Saturday, May 29, 2010
I accept Your challenge: I accept these limits.
I accept Your will, I accept Your word, I accept Your grace
to live each day as though it is my last, and not worry about writing it all down.
To not care about what people think, to not compete for cutest blog of the year, to not worry about whether my writing is pithy or interesting, to not even care how often I post or how many comments I get.
To enjoy my boys, and let go of not being able to share every minute glorious (and mundane) detail with others who love them... to trust that's somehow for good...
To post my life here in words, not pictures-- word pictures.
I trust You.
I believe You want us here, and You want us free, You want us surrendered. I believe You want me to write music, to live whole-soully, to throw open my heart and let go into You.
To live, fully, thankfully, trustingly...
Our country has officially blocked "Blogger".
Great. One more perk of living over here. I'm trying not to be bitter, but this is really frustrating. So, because I have to access through a proxy, I can't post pictures (most of the time-- thank God for the wormhole I found last time), or change the look or anything else constructive while in country. (every time I try it says "you are entering a non-anonymous area-- click the link to continue" and when I click the link, nothing happens).
I am limited to *words*. Good creative writing practice, I guess. ::sigh::
So, now we know.
I had a great 28th birthday. The day before, my teammate made chicken pot pie (one of my favorites) for dinner and presented me with a hilarious birthday candle that opened up and sang, and a beautiful present besides. Then on my actual birthday, my wonderful husband let me sleep in and got up with the boys, made delicious French Toast for breakfast, and helped Will make an adorable card for me that said “Happy Birthday Mom”, and then James gave me his own card with verses in it… Later on I got to talk to my wonderful parents, and had beautiful e-cards from so many wonderful friends… And then, just a few days ago, my other teammate gave me a beautiful picture of orchids that she painted just for me and framed!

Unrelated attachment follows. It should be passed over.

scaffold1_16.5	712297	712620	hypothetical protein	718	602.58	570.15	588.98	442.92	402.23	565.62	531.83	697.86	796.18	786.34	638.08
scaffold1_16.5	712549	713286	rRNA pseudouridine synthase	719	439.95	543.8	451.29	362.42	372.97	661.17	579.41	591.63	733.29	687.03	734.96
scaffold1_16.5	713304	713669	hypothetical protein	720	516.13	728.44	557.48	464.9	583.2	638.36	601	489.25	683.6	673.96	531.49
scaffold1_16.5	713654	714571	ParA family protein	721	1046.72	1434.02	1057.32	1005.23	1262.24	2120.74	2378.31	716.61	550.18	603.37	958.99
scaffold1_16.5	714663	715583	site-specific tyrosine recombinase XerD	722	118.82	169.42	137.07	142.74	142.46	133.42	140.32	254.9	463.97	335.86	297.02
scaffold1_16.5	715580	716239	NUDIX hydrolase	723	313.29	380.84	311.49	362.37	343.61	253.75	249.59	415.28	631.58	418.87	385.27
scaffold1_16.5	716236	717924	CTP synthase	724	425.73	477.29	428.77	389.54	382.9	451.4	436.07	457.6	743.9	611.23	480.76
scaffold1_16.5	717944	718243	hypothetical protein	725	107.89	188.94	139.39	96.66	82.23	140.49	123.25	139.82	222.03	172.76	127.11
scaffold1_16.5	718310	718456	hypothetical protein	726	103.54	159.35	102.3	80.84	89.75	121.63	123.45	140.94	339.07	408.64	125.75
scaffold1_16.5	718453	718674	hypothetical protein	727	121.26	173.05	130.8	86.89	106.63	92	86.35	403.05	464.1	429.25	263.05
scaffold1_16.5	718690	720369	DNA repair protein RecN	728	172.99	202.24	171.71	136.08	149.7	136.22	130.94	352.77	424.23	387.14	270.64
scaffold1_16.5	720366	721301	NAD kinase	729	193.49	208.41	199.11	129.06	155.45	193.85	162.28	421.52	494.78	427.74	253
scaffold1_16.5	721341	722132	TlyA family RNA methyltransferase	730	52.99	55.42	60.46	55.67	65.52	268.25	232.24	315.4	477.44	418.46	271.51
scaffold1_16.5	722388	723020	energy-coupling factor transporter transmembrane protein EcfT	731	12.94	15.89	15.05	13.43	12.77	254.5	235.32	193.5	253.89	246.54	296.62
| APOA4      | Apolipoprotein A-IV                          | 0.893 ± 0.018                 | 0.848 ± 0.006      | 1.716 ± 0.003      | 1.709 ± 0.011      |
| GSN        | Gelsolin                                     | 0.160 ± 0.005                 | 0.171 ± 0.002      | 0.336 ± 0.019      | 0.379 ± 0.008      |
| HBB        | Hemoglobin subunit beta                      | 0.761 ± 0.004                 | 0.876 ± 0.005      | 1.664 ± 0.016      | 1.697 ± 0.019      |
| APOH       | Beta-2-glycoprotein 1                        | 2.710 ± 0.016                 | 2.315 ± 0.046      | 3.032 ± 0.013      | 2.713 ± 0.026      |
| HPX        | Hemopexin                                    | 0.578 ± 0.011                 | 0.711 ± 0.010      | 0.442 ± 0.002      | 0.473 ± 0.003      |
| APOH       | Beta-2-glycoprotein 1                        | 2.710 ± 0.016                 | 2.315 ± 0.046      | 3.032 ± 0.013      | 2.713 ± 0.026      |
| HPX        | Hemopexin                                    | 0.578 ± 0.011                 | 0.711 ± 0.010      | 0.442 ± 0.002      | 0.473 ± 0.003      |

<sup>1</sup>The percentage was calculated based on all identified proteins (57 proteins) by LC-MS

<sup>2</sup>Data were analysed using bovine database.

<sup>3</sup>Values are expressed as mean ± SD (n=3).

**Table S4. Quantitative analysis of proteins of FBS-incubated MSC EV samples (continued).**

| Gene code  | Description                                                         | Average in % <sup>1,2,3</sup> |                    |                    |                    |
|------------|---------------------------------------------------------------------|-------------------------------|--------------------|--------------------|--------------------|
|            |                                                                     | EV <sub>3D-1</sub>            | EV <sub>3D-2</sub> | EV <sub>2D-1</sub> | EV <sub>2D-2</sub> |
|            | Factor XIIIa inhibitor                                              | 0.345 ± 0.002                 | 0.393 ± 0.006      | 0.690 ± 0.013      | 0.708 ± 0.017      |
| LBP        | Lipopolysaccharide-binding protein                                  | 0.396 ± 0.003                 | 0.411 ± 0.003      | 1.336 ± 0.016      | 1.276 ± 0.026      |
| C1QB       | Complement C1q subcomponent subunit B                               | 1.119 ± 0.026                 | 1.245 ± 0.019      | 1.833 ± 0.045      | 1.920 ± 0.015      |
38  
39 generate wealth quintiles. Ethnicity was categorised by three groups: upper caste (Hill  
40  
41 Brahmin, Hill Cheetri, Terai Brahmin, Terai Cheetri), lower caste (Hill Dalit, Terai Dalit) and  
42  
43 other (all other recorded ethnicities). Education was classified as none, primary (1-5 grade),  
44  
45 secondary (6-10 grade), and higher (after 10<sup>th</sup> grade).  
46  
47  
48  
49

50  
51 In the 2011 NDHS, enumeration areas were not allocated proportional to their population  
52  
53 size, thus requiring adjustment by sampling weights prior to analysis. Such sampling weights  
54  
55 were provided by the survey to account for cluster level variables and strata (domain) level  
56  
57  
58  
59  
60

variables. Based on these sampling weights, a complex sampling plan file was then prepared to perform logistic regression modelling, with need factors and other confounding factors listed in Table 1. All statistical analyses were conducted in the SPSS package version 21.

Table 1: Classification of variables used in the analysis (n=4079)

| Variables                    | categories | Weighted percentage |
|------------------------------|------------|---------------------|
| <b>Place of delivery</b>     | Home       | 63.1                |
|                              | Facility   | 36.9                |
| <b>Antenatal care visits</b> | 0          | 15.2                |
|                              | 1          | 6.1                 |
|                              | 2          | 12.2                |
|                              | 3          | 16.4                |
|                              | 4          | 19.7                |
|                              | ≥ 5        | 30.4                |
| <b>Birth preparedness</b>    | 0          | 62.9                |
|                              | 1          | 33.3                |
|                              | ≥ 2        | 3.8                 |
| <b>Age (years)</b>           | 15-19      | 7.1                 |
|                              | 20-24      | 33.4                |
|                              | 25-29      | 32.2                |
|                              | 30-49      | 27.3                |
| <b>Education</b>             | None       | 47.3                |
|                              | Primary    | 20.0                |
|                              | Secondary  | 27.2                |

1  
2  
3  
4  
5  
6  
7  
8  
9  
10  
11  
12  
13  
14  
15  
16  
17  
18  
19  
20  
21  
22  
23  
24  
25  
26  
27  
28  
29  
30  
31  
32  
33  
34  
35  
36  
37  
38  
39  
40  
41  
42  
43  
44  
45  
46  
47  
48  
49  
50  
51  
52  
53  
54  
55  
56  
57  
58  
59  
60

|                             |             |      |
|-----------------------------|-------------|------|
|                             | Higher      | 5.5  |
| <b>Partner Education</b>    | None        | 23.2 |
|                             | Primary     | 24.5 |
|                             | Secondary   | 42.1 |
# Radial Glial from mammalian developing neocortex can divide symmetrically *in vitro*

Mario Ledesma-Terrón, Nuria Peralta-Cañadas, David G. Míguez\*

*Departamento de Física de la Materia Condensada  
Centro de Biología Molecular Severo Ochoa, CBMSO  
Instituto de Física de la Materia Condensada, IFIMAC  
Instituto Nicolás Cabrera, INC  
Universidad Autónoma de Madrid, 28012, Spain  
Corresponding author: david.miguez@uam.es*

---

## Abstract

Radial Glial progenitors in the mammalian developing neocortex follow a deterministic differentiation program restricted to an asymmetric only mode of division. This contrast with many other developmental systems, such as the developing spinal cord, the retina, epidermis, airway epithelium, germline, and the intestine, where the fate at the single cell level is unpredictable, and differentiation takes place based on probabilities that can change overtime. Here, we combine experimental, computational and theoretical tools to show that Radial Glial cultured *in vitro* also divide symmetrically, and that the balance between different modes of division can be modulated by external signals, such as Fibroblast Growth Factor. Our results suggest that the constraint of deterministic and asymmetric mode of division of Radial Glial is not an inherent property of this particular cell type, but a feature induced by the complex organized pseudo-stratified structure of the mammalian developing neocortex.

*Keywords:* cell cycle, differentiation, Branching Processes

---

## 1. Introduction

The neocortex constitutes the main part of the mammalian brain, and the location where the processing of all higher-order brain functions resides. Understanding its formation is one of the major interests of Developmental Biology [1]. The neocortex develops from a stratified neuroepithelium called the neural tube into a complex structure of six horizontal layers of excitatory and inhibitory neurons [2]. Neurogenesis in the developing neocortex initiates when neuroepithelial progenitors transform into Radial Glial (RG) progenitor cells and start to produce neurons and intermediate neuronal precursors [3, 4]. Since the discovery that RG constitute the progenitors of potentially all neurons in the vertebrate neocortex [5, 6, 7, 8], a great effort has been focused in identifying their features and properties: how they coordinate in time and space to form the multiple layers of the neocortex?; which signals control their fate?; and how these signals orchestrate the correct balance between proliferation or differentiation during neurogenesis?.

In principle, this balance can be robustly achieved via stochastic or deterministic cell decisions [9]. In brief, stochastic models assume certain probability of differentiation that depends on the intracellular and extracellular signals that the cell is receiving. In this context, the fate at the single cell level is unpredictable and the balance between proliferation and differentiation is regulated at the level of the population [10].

However, the most meaningful part of my actual birthday for me was that three different local friends of mine came by throughout the day with presents for me! A set of six crystal bowls for candy & nuts (very useful here), and a set of six pretty drink glasses, and a set of hand towels and chocolates…. But you know, the thing I was really given was friendship, and a place in this town.
So that was Monday (May 3).
Wednesday the 5th was Tahkmina’s birthday, a friend of mine who runs one of the shops in town. A few days before, she invited me to her party and mentioned a couple of other women I know who were going … I hemmed and hawed, but eventually decided it would be good if I went. When we arrived, we were early (at 7:30), and Tahkmina and the other women were still making food and “laying the table” (an art form over here). Tahkmina’s father-in-law is the Big Cahuna for this entire region, and they are rich. Their house looks like something out of Alice In Wonderland… sparkly ceilings, chandeliers, purple bathroom and all.
Eventually the other “guests” started arriving—but lo and behold, it was just her husband’s family, her own family, two other close girlfriends, and me!